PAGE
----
Steroids can seriously reduce risk of death from COVID-19, new trials show. The WHO is strongly recommending them.
- Corticosteroids are a class of drugs that suppress out-of-control immune-system responses.
- They may improve survival rates for patients with severe cases of COVID-19, according to new research.
- Based on the results of seven clinical trials, the World Health Organization issued a "strong recommendation" for the use of steroids among seriously ill patients.
- Steroids are cheaper and more readily available than remdesivir, the only other drug that's shown promise in treating serious COVID-19 cases.
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Corticosteroids — a cheap and widely available class of drugs — can help people with serious cases of COVID-19 survive, according to trial results published this week.
A robust analysis looking at seven trials of corticosteroids found that when patients on ventilators were treated with steroids, they had a 30% chance of dying, compared with a 38% chance among patients who didn't take steroids. For patients treated without ventilators, the benefit was even greater: People given steroids had a 23% chance of dying, compared with a 42% chance for people in a control group.
"This is equivalent to around 68% of [the sickest] patients surviving after treatment with corticosteroids, compared to around 60% surviving in the absence of corticosteroids," the researchers said, according to Reuters.
The steroids in the trials included methylprednisolone, hydrocortisone and dexamethasone.
Based on the results, the World Health Organization issued a "strong recommendation" on Wednesday that doctors give seriously ill COVID-19 patients dexamethasone or hydrocortisone. The organization isn't recommending steroids for people who are not seriously ill, however.
Corticosteroids can prevent immune-system overreactions
Corticosteroids are synthetic hormones that mimic cortisol, a hormone the body produces naturally to help regulate metabolism, immune reactions, and stress response. Doctors use corticosteroids to tamp down on overactive immune systems and reduce inflammation, which can help with a variety of conditions including asthma and skin disorders.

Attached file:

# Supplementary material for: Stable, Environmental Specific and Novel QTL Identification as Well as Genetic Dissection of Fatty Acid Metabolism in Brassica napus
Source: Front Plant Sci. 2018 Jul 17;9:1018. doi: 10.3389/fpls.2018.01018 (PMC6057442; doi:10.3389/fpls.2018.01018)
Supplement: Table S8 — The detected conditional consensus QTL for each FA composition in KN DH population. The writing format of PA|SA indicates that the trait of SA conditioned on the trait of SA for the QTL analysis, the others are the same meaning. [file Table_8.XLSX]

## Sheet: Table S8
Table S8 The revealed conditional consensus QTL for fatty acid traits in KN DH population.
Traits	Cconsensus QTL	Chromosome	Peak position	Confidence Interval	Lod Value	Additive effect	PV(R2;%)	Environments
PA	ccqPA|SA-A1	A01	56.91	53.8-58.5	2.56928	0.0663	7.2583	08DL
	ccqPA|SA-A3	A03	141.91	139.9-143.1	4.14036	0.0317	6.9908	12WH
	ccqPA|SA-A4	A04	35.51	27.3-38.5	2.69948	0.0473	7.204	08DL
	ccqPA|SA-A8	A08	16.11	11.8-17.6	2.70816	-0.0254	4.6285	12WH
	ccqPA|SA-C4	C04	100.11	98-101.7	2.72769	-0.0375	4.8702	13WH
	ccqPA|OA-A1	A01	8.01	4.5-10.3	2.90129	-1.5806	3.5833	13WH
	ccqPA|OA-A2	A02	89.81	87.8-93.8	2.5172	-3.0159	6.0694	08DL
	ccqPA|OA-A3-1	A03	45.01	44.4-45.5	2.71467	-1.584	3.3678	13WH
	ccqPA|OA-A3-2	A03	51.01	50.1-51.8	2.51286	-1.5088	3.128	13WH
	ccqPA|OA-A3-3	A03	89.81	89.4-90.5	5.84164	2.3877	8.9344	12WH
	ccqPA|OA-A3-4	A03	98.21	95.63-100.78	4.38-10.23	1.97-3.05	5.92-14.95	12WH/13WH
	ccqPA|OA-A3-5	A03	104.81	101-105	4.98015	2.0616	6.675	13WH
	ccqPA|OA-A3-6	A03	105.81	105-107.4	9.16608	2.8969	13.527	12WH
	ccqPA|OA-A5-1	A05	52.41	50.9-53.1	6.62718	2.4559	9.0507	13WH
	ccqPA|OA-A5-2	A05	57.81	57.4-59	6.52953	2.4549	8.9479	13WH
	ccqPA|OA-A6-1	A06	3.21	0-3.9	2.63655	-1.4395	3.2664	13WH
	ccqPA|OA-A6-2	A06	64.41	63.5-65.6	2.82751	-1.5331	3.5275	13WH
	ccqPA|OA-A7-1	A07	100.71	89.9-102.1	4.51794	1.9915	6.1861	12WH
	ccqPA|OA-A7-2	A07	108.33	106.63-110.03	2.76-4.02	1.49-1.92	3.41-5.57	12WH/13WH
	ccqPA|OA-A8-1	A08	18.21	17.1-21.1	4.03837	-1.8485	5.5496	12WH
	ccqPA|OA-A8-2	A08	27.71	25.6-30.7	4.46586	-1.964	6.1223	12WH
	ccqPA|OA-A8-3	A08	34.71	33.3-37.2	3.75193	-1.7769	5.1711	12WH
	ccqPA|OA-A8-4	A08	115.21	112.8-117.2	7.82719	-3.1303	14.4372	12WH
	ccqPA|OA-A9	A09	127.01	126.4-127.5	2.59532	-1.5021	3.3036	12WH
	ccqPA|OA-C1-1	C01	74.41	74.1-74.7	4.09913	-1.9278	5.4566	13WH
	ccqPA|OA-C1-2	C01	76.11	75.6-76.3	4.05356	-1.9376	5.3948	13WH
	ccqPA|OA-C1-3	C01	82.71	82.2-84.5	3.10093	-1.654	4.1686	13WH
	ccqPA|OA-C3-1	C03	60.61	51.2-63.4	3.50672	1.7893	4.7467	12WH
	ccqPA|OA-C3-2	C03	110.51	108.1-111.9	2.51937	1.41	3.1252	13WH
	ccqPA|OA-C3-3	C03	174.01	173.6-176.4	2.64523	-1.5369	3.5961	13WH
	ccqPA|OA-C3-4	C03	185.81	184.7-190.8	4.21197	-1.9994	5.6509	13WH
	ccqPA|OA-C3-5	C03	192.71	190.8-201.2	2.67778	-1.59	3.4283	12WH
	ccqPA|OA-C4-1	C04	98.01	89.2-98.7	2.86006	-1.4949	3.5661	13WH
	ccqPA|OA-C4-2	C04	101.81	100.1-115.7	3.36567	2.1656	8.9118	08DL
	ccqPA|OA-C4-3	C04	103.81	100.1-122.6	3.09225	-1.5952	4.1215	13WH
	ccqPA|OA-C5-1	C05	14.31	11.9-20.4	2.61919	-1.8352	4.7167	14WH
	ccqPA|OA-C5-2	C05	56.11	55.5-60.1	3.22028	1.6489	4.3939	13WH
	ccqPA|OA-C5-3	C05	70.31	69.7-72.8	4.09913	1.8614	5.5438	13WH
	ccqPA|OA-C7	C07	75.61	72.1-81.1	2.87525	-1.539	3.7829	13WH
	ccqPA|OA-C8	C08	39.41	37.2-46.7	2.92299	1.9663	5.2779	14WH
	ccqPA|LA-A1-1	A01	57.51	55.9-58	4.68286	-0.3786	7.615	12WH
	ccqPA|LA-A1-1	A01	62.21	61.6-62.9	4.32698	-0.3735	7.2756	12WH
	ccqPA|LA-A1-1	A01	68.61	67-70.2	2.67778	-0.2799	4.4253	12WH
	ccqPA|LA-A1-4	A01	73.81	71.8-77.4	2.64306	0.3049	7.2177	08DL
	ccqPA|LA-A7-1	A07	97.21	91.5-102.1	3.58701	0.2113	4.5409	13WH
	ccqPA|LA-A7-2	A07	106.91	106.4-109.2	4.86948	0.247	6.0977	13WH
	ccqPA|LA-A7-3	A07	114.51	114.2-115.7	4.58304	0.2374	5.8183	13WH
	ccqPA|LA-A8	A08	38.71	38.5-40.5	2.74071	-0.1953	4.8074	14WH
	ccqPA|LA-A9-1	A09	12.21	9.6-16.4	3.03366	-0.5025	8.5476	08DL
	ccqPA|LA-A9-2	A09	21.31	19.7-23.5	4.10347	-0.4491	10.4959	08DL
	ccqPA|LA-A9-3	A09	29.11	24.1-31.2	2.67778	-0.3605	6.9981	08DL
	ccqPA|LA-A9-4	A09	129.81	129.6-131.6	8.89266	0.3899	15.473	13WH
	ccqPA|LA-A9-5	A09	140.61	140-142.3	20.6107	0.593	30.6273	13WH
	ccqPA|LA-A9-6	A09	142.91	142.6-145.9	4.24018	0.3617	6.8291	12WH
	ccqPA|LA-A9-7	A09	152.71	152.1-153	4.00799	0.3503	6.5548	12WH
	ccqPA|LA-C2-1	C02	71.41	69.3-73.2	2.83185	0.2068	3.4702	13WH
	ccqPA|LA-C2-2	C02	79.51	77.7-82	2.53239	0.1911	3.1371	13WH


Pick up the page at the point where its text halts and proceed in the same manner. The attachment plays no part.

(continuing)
The coronavirus can trigger overactive immune responses, which can be deadly: When too many white blood cells flood the bloodstream, some attack healthy tissue in addition to the virus. Steroids, then, can help suppress that kind of dangerous immune response among COVID-19 patients.
Scientists at Oxford University found in June that dexamethasone, specifically, improves patients' survival rates, but at that time, experts and international organizations wanted more evidence before making recommendations. Now they have it.
"Clearly, now steroids are the standard of care," Dr. Howard C. Bauchner, the editor-in-chief of the Journal of the American Medical Association, told The New York Times.
Corticosteroids are cheaper than remdesivir and may be more effective
Remdesivir is the only other drug so far that rigorous trials have found to be effective for treating seriously ill COVID-19 patients. In May, a study found that remdesivir shortened recovery times for those patients. However, a recent study also found that patients on a 10-day course of remdesivir died at about the same rates as people given other treatments.
Corticosteroids, then, might offer more promise.
"I had a big smile on my face when I saw the results," Dr. Derek C. Angus, chair of the department of critical care medicine at the University of Pittsburgh and a co-author of one of the trials, told the Times.
The National Institutes of Health also now recommends corticosteroids, particularly dexamethasone, for COVID-19 patients who need ventilators or supplemental oxygen.
An added benefit of corticosteroids is that they're cheap. A six-to-10-day treatment course of dexamethasone would likely cost would cost most customers between $10 and $13, according to Michael Rea, the CEO of Rx Savings Solutions, which sells software designed to help select less expensive medicines.
By contrast, Gilead Sciences, the maker of remdesivir, has said it would charge governments of developed countries $2,340 for a five-day course of the drug.
Steroids can have side effects, though
Corticosteroids can have some side effects, particularly in elderly patients: The drugs can leave people vulnerable to other infections and raise the risk of high blood pressure, glaucoma, weight gain, and delirium.
They also don't appear to be effective for less serious cases. In the Oxford trial, for example, patients with mild cases who took dexamethasone died at slightly higher rates than those with mild cases who didn't take the drug.
That's why the WHO and the NIH aren't recommending steroids for patients who aren't severely sick. But for the most life-threatening cases, the pros appear to outweigh the cons.
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